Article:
The conditions are ideal for their presence to be more abundant
The bathing season has already begun for many in much of the Mediterranean coast and the question of other years is repeated: will there be many jellyfish on the beaches this summer? One more year the answer, as explained by the biologist of the Aula del Mar, Jesús Bellido, is that “the ideal conditions exist so that their presence is more abundant than normal”.
Without raising alarms, the experts point out that there are good conditions for jellyfish to be more abundant than normal in the high seas and that, therefore, depending on the winds and currents, the schools move to the coast.
From Safe Sea they point out that the jellyfish that are reaching our shores this summer are of two different species. On the one hand, there is the Pelagia noctiluca, also called carnation jellyfish. That they are the smallest and that they have a high danger. And on the other hand, there is the Rhizostoma Luteum, which is larger in size but whose bite is less dangerous.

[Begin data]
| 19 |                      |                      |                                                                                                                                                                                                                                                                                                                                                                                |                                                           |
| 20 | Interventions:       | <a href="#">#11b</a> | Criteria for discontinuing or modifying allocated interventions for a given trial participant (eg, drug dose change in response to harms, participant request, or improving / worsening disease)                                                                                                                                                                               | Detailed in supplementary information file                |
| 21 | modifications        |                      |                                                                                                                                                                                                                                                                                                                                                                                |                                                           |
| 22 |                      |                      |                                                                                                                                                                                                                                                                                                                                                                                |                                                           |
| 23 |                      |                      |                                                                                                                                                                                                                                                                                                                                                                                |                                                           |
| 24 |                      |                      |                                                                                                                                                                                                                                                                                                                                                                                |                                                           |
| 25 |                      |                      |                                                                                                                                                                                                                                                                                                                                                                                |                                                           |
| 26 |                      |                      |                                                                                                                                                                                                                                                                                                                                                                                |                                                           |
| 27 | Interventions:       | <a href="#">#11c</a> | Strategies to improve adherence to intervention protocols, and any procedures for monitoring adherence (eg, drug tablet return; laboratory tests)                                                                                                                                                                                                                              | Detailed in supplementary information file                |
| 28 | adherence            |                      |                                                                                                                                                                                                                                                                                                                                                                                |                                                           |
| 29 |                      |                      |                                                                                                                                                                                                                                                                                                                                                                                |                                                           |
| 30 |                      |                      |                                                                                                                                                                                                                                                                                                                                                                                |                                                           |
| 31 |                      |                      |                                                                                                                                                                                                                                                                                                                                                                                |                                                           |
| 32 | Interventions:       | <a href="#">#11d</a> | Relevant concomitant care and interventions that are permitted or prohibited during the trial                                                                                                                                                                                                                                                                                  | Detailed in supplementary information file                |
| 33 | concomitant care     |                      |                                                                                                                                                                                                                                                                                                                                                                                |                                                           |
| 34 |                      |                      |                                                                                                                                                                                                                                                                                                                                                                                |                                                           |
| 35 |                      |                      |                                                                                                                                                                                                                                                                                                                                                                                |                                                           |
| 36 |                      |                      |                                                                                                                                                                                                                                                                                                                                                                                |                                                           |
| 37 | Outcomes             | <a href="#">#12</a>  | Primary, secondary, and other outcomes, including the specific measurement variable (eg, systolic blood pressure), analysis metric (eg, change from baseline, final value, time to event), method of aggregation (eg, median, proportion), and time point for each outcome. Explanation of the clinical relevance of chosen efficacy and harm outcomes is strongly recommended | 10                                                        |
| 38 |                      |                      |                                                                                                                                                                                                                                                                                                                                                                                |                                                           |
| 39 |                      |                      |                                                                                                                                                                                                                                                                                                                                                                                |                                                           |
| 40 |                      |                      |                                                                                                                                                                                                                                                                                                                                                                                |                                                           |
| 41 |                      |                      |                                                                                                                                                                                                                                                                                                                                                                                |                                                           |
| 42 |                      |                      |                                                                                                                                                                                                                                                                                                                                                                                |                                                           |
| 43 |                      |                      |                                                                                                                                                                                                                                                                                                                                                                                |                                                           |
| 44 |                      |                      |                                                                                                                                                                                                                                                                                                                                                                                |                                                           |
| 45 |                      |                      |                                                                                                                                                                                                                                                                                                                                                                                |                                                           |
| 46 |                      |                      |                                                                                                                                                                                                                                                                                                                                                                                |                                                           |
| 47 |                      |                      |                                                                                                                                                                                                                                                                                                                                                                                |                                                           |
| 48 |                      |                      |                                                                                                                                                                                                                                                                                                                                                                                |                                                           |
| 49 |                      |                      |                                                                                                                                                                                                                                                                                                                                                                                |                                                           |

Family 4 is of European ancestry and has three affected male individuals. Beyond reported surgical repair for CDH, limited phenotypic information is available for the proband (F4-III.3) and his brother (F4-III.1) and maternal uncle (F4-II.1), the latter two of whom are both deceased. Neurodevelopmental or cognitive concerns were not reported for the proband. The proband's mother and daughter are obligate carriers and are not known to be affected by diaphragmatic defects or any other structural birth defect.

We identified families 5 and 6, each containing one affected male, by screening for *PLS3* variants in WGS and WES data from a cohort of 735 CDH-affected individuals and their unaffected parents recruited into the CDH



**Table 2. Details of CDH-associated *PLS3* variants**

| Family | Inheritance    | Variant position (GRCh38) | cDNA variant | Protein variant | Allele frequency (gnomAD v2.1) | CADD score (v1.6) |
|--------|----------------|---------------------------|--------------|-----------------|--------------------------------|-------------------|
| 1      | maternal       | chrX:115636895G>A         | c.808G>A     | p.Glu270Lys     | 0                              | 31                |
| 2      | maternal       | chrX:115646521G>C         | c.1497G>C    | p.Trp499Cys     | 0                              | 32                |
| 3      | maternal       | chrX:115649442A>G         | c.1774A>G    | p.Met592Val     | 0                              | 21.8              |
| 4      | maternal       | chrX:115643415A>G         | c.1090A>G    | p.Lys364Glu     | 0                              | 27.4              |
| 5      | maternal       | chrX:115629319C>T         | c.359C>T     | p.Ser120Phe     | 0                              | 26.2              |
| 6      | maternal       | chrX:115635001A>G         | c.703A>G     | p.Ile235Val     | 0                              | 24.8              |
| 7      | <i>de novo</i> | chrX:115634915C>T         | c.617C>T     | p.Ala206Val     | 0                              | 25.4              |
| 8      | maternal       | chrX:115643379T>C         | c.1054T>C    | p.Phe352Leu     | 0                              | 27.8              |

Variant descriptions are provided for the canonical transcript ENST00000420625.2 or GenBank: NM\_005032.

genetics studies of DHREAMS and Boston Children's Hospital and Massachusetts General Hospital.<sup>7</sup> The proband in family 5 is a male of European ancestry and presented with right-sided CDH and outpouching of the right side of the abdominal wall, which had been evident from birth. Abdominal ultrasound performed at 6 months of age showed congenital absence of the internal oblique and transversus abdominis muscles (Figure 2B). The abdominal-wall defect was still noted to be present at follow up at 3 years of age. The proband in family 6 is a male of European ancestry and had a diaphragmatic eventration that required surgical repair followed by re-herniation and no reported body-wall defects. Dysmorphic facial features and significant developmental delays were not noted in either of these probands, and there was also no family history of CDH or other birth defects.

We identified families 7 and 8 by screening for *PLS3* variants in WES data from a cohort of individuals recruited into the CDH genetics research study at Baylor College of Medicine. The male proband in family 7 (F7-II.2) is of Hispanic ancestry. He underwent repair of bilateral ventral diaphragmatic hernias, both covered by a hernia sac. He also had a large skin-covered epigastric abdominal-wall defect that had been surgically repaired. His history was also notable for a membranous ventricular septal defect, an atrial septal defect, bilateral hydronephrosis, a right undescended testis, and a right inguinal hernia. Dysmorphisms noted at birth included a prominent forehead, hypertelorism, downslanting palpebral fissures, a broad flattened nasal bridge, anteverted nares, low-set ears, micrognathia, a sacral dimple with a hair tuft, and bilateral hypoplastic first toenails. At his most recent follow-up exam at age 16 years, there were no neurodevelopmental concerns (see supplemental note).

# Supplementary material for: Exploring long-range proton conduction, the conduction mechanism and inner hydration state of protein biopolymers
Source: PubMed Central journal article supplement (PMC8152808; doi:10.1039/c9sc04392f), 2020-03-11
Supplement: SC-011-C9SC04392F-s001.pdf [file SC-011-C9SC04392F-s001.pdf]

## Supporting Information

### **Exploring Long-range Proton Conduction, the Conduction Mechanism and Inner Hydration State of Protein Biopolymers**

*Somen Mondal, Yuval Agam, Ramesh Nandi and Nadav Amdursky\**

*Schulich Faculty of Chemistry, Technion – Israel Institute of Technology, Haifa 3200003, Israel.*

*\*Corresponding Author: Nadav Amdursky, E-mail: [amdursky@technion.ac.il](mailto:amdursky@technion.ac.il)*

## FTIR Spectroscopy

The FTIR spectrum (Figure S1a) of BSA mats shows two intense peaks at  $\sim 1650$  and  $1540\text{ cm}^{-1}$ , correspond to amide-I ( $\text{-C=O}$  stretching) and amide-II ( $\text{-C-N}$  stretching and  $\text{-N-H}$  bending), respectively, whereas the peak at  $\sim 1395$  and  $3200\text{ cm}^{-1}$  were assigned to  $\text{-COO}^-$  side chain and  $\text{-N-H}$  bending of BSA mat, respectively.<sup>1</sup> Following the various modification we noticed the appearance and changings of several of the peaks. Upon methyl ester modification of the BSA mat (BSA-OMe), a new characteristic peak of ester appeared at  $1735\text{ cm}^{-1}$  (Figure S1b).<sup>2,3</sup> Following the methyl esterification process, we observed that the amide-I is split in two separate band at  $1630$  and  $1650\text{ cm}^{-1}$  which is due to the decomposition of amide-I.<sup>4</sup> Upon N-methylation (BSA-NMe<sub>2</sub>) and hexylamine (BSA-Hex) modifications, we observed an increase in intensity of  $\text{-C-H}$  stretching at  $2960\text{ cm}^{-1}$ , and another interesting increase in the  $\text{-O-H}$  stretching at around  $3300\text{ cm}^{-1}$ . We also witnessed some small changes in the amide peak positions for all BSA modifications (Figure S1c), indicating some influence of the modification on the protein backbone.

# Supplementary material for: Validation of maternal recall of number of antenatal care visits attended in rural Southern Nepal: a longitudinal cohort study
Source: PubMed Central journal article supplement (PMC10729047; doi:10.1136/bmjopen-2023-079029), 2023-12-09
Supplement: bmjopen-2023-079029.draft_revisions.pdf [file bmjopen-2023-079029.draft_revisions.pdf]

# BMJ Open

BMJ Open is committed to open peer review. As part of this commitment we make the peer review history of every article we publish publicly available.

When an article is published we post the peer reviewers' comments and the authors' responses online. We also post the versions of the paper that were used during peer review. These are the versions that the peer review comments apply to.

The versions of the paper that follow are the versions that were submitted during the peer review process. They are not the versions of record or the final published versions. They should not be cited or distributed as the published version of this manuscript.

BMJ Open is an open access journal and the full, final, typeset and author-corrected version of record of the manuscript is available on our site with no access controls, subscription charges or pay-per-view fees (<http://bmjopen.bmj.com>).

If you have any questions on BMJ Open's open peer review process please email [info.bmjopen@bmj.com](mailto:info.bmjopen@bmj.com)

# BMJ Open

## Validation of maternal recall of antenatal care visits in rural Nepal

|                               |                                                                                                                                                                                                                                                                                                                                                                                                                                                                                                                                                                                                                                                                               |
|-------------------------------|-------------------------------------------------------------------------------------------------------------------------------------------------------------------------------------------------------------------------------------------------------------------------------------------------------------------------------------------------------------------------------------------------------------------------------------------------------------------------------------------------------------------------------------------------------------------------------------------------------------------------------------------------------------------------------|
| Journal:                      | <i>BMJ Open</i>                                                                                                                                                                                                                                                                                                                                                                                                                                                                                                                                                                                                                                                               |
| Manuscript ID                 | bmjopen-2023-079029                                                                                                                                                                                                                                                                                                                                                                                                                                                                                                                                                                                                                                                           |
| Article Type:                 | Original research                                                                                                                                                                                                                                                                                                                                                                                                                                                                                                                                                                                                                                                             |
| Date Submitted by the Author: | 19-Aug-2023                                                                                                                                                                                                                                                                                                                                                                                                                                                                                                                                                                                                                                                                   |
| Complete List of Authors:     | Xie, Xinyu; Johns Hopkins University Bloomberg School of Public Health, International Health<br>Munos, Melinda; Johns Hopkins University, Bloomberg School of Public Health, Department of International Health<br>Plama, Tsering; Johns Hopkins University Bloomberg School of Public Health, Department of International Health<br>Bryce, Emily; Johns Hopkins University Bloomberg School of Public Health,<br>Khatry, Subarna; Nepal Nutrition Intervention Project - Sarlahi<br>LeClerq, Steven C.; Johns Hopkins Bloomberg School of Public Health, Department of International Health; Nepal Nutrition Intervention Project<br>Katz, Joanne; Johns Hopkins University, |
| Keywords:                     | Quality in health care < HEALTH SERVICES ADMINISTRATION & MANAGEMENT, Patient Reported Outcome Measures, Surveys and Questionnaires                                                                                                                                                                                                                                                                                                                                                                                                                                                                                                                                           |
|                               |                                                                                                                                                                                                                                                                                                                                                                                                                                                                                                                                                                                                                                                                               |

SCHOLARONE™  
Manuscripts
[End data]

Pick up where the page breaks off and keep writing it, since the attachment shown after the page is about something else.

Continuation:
In this sense, Enric Sendil, CEO of Safe Sea, explains that “if we are stung by a jellyfish, we must bear in mind that the symptoms are different depending on the species. Thus, if a large jellyfish stings you, it causes itching, redness or small irritations in the affected area. In the case of the carnation jellyfish sting: it is more painful. Depending on the person, it can cause anything from mild swelling to rashes or more serious symptoms.”
How and why jellyfish sting
From Safe Sea they warn that, «in reality, they do not attack. They are passive beings that wander through open and coastal waters, without the intention of capturing. Its tentacles are made up of thousands of stinging cells (nematocysts) which, on contact with a foreign body, release a toxic poison.
Of course, this ability to puncture lasts even when dead. Sometimes they reach the coast dying and die there. But this does not mean that they stop being a danger. Their defense systems are still active. Although the filaments have broken and separated from the umbrella.
For this reason, the already popular placement of nets to protect bathers a hundred meters from the beach is not the solution. These same networks fracture the jellyfish and the tentacles (practically invisible) reach the shore loaded with poison.
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